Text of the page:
Belex is one of the oldest stock exchanges in Central Europe, having been established in 1894. It continued to operate even in the first years of the Second World War, when Serbia was under attack from Nazi Germany, though it was closed down under the socialist regime in 1945. While it was re-established in 1989, little happened during the last decade of the 20th century due to international sanctions.
Krneta has headed the exchange since mid-2015. He started his career as a futures trader, with experience in Chicago, London, Frankfurt and other international financial centres, then was invited to join the exchange in 2001, a year after the democratic changes in Serbia. Over the last 21 years, Krneta says, he has devoted his professional life to the success of the Belgrade Stock Exchange.
Speaking for his colleagues at the exchange, he tells bne IntelliNews: “We believe it is worth committing our professional lives to the attempt to develop the stock exchange in Serbia. It is difficult, it is long-lasting, it is probably an entire life’s work, but it is worth committing our professional lives to such a monumental goal.”
In summer 2021 the Athens stock exchange acquired 10% of the Belgrade stock exchange. Together with the adoption of the national capital market development strategy, says Krneta, “These combined create a kind of beginning and – I hope – a beneficial wind in the back for the Belgrade Stock Exchange, though we will have to wait for a while to see the first effects.
“The Athens stock exchange is a unique partner that can be not only a service provider to us but also an equity partner. Joining forces in this globalised world with such an exchange can be a source for the transfer of tech and know-how,” he added.
The equity deal was followed by an agreement between the exchanges to migrate the Belex trading platform to the Athens stock exchange trading platform. When completed, that will create a common trading platform for the exchanges of Greece, Cyprus and now Serbia.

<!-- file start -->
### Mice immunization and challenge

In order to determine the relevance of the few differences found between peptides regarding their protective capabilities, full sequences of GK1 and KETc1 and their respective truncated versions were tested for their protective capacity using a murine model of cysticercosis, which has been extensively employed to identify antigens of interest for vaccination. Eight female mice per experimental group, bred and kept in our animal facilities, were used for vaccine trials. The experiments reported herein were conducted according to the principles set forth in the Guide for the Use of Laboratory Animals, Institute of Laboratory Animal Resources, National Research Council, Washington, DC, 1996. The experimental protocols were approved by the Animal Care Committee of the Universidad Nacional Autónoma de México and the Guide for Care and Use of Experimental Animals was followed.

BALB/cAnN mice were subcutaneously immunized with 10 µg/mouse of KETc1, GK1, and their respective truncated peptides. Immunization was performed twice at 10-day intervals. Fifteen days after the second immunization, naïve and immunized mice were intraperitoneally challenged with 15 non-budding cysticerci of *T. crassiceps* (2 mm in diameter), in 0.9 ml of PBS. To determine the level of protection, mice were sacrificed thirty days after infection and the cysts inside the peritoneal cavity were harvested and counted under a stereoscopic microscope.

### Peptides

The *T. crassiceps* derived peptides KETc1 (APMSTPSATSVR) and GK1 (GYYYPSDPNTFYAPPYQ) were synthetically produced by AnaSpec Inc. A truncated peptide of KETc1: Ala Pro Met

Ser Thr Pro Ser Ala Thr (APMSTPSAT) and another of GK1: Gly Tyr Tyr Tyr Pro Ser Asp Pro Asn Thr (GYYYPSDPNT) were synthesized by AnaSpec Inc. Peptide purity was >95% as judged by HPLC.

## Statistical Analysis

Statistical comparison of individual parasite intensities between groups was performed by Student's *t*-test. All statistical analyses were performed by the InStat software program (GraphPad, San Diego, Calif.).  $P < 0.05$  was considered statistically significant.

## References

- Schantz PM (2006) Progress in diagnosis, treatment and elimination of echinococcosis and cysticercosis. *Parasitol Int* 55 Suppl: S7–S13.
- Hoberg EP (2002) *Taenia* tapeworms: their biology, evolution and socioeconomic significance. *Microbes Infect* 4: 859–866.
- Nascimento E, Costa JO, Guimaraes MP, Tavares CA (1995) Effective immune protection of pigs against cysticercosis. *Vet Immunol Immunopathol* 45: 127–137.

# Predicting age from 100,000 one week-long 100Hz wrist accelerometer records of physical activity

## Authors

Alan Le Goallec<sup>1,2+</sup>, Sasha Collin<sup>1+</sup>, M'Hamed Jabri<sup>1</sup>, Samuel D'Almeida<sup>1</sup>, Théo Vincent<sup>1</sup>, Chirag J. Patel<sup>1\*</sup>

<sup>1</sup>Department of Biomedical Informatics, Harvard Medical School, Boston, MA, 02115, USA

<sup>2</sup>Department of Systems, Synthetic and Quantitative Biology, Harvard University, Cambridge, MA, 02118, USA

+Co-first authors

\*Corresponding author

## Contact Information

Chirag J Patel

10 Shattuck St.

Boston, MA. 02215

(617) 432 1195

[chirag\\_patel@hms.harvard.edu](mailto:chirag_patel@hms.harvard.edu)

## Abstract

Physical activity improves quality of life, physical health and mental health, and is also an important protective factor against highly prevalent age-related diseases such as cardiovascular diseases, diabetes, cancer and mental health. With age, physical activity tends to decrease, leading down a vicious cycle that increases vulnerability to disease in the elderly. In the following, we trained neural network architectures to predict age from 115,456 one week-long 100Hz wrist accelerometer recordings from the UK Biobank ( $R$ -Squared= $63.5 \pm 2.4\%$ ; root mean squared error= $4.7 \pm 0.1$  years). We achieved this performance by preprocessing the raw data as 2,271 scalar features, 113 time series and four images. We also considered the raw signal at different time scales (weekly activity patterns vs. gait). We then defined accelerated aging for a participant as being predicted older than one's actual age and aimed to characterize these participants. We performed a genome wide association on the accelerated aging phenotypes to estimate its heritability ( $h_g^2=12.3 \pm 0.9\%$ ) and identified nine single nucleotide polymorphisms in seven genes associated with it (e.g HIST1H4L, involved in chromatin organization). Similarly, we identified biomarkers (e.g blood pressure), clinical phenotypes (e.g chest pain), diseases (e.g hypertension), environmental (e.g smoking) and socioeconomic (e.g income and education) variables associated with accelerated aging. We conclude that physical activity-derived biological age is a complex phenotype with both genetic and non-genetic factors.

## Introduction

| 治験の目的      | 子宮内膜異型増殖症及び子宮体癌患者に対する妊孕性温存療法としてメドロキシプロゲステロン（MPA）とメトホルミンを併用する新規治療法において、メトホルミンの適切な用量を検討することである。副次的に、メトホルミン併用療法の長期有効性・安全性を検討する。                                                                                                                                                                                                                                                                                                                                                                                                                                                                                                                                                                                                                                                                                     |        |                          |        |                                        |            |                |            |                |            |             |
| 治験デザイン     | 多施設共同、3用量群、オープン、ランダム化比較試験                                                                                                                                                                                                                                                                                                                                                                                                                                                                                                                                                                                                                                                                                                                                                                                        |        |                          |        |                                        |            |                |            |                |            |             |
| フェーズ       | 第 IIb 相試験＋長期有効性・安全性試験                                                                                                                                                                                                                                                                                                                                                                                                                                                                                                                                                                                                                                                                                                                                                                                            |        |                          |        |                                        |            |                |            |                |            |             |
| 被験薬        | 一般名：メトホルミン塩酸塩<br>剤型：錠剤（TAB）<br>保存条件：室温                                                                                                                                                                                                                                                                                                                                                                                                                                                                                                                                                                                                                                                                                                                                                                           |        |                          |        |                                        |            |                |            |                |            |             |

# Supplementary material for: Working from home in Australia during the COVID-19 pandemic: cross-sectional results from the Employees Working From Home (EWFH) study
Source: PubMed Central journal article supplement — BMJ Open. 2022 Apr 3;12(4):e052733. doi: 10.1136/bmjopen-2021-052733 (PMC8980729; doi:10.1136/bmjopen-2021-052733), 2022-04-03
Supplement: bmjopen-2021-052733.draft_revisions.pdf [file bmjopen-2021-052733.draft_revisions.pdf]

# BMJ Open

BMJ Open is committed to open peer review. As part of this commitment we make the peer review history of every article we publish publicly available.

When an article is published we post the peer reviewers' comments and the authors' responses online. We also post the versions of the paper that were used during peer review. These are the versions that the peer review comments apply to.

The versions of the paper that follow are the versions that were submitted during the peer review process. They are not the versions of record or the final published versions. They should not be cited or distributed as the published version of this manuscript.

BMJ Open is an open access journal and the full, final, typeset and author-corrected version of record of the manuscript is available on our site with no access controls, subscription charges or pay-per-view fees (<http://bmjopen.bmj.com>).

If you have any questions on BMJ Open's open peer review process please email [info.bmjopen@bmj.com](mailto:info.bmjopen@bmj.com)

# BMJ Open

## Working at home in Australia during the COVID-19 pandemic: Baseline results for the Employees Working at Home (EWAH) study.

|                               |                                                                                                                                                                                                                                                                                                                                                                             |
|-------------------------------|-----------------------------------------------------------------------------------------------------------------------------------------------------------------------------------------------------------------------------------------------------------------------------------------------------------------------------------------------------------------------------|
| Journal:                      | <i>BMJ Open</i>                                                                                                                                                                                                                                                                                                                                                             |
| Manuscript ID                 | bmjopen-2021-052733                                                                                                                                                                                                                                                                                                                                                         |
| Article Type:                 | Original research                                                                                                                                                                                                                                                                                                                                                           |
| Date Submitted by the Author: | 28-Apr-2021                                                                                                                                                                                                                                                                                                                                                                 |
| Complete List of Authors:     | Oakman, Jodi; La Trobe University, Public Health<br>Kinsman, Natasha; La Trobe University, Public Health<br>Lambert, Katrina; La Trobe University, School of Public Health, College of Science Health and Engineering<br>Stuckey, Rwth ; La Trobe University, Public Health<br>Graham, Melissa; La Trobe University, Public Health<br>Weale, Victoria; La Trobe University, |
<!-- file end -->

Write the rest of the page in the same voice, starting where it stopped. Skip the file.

Also in 2022, a new set of bylaws are expected to be set by the securities commission. Thirdly, Belex is working with clearing financial organisations to offer the market completely new financial instruments (for Serbia), starting with exchange traded funds (ETFs).
Another thing the exchange plans to do is enable initial coin offerings (ICOs) as an option for startups. It has already selected a blockchain-based technology partner, and the two are now working together to explore the possibilities created by Serbia’s digital assets law.
“We are aiming to offer possibility of tokenisation of startups and a secondary market of investment tokens for market participant,” says Krneta. “That will give them the opportunity to raise capital, not through the conventional capital market, but through a newly set up digital environment.” He points out that blockchain is one of the main strengths of the Belgrade-Novi Sad tech cluster.
Environmental and social governance (ESG) is increasingly important for investors, and while the performance of the Serbian capital market lags in volume terms, Krneta says he is proud of its efforts in joining the UN’s sustainable stock exchange initiative, and of its gender balance. The composition of the board of the stock exchange, for example, is 60% women. In the area of environmental sustainability, Belex has organised trainings for public companies’ climate-related reporting and aims to make this an obligation for all companies aiming to list on the exchange.
“We are small but we are trying to position ourselves as the showcase that every move towards respect for gender equality as well as fighting against climate change is worth doing,” says Krneta. “It’s a question of respecting humanity and respecting this planet.”
There are also hopes that companies will start to come to the exchange with green bonds – a way for companies that are still reluctant to go public with equities to test the water. Krneta notes the large number of private companies investing into the green sector, including those from industries like coal that are “investing a lot in greening their dirty industries”.
Serbia issued its first green Eurobond in September 2021 to finance environmental protection and climate change mitigation projects.